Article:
There are no two ways about it — the storm known as Leslie was a weirdo, the strangest to develop in the Atlantic Ocean this year, if not in many years.
The storm finally crashed into Europe’s Iberian Peninsula over the weekend, creating all sorts of havoc, after meandering over the open Atlantic Ocean for 19 days, where it took on many forms.
Previously a hurricane, Leslie arrived in Europe as an intense extratropical or mid-latitude storm, having lost its tropical characteristics. While not a hurricane in name at landfall, it was just as powerful, battering the Iberian Peninsula at virtually unprecedented strength.
The unusually strong winds were due in part to a sting jet, a potent but narrow surge of exceptional winds caused when evaporative cooling within the storm drags the jet stream to the surface.
Leslie became the first tropically borne system to directly impact Spain since Vince in 2005 and was far more powerful. The BBC said winds gusted over 60 mph in the city of Zamora.
Farther north, devastating floods engulfed France as Leslie’s tropical connection drenched southern areas with heavy rainfall. At least 10 deaths were blamed on the floods.
Meteo-France reported the following rainfall totals in the south of France:
- 11.6 inches (296 mm) fell in eight hours near Carcassonne, 9.6 inches (244 mm) fell in six hours and 4.4 inches (111 mm) in two hours.
- 14.3 inches (364 mm) fell in 24 hours in the Haut-Languedoc region.
As of Tuesday, Leslie’s remnant circulation had merged with the remnants of Hurricane Michael, both entities substantially weakened.
Leslie’s long and remarkable history
Leslie first got its name on Sept. 23 as a subtropical storm in the middle of nowhere in the open Atlantic. Spinning absentmindedly in the central North Atlantic, the prospects for Leslie’s development weren’t good. In its first advisory, the National Hurricane Center ironically said it was “forecast to be a short-lived cyclone.”
Nobody knew Leslie would become the 11th-longest-lived Atlantic cyclone on record, fluctuating between tropical storm and Category 1 strength for at least 19 days.
But Leslie defied the odds, stubbornly dodging systems that could harvest its energy and strengthening when all signs suggested it shouldn’t. The National Hurricane Center first stated that Leslie was “forecast to become absorbed by a larger non-tropical low” within two or three days.
On Sept. 25, Leslie fell apart into a subtropical depression right on schedule. All done. Or so we thought.
Leslie’s brief falter didn’t last long, and the capricious storm rose from the dead two days later. The “zombie cyclone” took on the characteristics of a mid-latitude nor’easter-type storm instead, stirring up the seas with powerful hurricane-force winds on Sept. 27. Meteorologists refer to this type of storm as extratropical. Despite gusts exceeding the 74 mph criterion, however, Leslie’s cold-core nature did not fit the bill for it to be classified as a hurricane.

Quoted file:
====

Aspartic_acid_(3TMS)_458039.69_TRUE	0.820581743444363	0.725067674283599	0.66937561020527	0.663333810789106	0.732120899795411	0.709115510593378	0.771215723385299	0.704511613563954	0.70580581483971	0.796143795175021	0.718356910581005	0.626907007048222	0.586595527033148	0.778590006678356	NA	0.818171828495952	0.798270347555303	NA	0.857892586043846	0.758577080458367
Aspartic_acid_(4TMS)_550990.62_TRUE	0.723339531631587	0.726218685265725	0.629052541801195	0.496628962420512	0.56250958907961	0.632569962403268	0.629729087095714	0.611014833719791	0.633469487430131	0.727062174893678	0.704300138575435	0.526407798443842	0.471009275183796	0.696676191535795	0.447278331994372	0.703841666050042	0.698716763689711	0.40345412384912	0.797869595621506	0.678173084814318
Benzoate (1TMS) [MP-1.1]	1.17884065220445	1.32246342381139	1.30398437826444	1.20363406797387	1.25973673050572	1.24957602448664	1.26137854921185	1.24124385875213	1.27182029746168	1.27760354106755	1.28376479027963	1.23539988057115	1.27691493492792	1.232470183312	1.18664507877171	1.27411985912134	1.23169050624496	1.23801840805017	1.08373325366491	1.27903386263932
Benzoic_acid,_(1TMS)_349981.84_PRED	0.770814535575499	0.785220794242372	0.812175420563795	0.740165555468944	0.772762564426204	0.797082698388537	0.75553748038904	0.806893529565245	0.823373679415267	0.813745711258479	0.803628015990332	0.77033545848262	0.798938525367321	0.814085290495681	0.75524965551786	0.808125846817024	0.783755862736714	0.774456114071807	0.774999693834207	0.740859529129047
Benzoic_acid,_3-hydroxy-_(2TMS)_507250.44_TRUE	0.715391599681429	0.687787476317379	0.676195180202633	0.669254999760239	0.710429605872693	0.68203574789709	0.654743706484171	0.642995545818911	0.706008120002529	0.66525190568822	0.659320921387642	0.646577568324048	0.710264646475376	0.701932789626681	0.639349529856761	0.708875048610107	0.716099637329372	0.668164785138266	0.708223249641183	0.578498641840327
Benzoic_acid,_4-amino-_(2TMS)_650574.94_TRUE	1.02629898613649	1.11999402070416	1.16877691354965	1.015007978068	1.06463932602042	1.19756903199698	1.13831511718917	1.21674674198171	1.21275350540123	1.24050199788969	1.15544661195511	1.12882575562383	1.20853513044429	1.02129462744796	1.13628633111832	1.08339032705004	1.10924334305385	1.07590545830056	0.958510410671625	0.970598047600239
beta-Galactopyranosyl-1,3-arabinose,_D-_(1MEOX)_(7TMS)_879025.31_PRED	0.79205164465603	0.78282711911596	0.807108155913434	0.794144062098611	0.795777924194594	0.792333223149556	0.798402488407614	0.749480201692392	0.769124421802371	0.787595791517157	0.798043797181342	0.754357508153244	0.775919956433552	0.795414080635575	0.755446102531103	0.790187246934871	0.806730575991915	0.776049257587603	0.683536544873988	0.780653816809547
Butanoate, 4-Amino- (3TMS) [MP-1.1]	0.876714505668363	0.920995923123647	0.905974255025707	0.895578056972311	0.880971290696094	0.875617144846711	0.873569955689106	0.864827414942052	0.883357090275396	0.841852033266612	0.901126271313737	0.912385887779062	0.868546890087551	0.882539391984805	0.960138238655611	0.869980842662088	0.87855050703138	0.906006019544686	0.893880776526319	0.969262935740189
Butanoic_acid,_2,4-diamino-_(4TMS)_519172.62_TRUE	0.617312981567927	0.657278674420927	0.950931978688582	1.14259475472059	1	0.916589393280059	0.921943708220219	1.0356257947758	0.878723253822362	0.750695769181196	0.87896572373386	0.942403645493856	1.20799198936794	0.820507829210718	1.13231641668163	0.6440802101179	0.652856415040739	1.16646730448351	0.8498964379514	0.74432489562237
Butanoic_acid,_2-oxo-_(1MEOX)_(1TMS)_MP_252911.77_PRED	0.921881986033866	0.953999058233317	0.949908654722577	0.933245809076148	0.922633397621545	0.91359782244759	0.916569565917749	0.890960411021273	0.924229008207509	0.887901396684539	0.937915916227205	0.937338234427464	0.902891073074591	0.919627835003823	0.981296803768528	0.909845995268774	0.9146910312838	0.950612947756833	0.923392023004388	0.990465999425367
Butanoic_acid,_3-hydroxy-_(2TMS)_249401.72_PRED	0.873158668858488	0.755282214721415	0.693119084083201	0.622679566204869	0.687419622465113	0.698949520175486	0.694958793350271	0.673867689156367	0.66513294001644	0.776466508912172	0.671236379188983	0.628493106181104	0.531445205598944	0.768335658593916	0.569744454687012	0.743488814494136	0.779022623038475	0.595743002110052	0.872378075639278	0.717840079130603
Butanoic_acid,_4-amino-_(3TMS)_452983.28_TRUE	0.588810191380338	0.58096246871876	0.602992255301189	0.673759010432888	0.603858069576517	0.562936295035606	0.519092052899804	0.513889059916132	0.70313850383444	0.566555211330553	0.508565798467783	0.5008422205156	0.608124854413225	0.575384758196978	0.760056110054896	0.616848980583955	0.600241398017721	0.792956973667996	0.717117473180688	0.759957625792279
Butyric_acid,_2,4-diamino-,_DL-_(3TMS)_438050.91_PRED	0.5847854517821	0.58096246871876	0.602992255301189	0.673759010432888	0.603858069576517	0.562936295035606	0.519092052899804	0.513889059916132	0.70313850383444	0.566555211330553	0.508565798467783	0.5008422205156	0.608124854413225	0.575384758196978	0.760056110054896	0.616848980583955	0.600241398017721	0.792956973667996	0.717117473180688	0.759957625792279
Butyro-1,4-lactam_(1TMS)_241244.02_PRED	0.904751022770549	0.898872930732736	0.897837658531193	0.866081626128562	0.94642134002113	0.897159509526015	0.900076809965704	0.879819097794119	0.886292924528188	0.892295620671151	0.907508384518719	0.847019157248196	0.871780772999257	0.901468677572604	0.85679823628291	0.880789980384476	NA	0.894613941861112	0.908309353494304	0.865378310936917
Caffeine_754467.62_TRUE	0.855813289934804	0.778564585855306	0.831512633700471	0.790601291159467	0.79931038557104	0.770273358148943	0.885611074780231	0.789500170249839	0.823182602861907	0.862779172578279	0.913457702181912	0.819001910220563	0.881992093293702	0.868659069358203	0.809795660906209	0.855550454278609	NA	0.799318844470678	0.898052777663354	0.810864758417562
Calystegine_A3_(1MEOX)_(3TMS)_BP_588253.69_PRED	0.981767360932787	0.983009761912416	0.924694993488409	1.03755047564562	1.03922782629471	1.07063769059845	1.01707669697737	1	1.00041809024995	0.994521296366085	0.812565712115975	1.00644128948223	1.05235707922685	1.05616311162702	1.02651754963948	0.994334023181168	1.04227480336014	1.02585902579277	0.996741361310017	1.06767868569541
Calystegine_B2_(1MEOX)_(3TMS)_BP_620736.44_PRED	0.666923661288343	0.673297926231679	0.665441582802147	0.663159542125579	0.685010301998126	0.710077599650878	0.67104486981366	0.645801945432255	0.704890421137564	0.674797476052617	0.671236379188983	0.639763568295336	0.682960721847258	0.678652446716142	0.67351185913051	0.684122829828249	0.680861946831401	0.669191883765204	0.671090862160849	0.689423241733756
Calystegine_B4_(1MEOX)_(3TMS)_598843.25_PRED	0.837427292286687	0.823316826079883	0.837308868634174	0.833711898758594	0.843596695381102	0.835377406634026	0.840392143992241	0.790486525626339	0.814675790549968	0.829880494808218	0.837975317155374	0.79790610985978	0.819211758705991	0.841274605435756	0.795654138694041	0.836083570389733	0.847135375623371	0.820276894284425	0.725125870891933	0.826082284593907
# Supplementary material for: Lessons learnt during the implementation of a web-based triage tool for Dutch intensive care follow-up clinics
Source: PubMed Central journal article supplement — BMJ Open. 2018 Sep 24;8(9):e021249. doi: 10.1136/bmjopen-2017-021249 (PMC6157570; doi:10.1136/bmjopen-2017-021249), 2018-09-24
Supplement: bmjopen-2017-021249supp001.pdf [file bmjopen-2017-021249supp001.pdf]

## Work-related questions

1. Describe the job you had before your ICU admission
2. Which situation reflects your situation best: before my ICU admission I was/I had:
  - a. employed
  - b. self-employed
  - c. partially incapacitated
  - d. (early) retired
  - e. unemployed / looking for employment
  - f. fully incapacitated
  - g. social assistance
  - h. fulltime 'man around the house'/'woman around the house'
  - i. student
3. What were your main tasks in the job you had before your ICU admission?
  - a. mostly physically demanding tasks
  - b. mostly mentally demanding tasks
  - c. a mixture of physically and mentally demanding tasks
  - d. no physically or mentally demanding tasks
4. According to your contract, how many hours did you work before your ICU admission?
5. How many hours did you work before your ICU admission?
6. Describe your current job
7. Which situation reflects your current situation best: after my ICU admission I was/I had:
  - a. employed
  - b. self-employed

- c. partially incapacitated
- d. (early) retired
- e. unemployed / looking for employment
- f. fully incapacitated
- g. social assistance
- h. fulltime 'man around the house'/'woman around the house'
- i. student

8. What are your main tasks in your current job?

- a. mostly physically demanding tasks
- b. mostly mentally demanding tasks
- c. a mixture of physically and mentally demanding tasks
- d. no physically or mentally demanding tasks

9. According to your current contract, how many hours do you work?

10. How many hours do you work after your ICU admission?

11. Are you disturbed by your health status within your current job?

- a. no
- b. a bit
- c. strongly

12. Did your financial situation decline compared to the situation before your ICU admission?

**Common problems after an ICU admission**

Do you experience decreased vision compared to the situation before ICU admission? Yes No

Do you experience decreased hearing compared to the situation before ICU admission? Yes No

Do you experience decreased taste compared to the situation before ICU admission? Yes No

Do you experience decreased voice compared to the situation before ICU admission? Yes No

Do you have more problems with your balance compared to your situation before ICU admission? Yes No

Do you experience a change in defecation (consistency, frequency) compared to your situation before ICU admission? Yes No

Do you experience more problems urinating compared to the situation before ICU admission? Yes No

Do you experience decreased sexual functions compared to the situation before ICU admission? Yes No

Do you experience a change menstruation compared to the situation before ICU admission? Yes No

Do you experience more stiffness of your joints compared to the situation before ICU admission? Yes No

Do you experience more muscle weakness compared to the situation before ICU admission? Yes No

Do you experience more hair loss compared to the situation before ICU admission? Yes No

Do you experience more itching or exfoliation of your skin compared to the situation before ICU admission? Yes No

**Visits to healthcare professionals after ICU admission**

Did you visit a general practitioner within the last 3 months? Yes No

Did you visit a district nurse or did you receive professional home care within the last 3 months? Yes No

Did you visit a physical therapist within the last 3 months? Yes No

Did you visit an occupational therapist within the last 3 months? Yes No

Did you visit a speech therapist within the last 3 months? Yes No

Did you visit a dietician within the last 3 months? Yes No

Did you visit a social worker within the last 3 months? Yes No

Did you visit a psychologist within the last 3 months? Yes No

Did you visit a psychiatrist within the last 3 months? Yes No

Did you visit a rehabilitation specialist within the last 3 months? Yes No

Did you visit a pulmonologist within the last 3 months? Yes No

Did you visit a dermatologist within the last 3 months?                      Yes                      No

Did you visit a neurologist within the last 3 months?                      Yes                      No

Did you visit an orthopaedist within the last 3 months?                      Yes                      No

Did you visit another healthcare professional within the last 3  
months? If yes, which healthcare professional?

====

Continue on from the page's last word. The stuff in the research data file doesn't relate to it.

That’s when Leslie decided to switch things up. The post-tropical cyclone swirled in some warmer air on the 28th and became subtropical — a wacky hybrid combination of a tropical cyclone and a mid-latitude low — again.
Until this point, Leslie was never “officially” a tropical cyclone or hurricane. Only at 11 p.m. Atlantic time on Sept. 29 did the hurricane center finally award a tropical designation to Leslie. By then, the 50 mph storm was quickly acquiring the textbook hurricane shape and at last matured into a Category 1 hurricane with 80 mph winds on Oct. 3.
All the while, Leslie didn’t bother anybody but mariners. The storm went through an entire cycle again between different structures, wandering over the open ocean. Leslie began to peter out around Oct. 7 but then got feisty on the 8th. By Oct. 10, Leslie was mean — baring its teeth with winds of 90 mph tightly packed around a symmetric clouded-in center.
Part of Leslie’s perceived longevity is due to the wide arsenal of satellite imagery currently at the disposal of Hurricane Center meteorologists. Nowadays, forecasters can utilize remote sensing to better understand the internal organization of storms. A mere three or four decades ago, these tools existed in a much more rudimentary form — and Leslie probably would not have been named until it actually looked like a tropical cyclone in early October.
The takeaway? Leslie’s life span is certainly unusually long, but by no means unheard of. The San Ciriaco hurricane of 1899 persisted a whopping 27 days, and in the Pacific, cyclones have stuck around even longer. John clocked in at a staggering 30 days in 1994.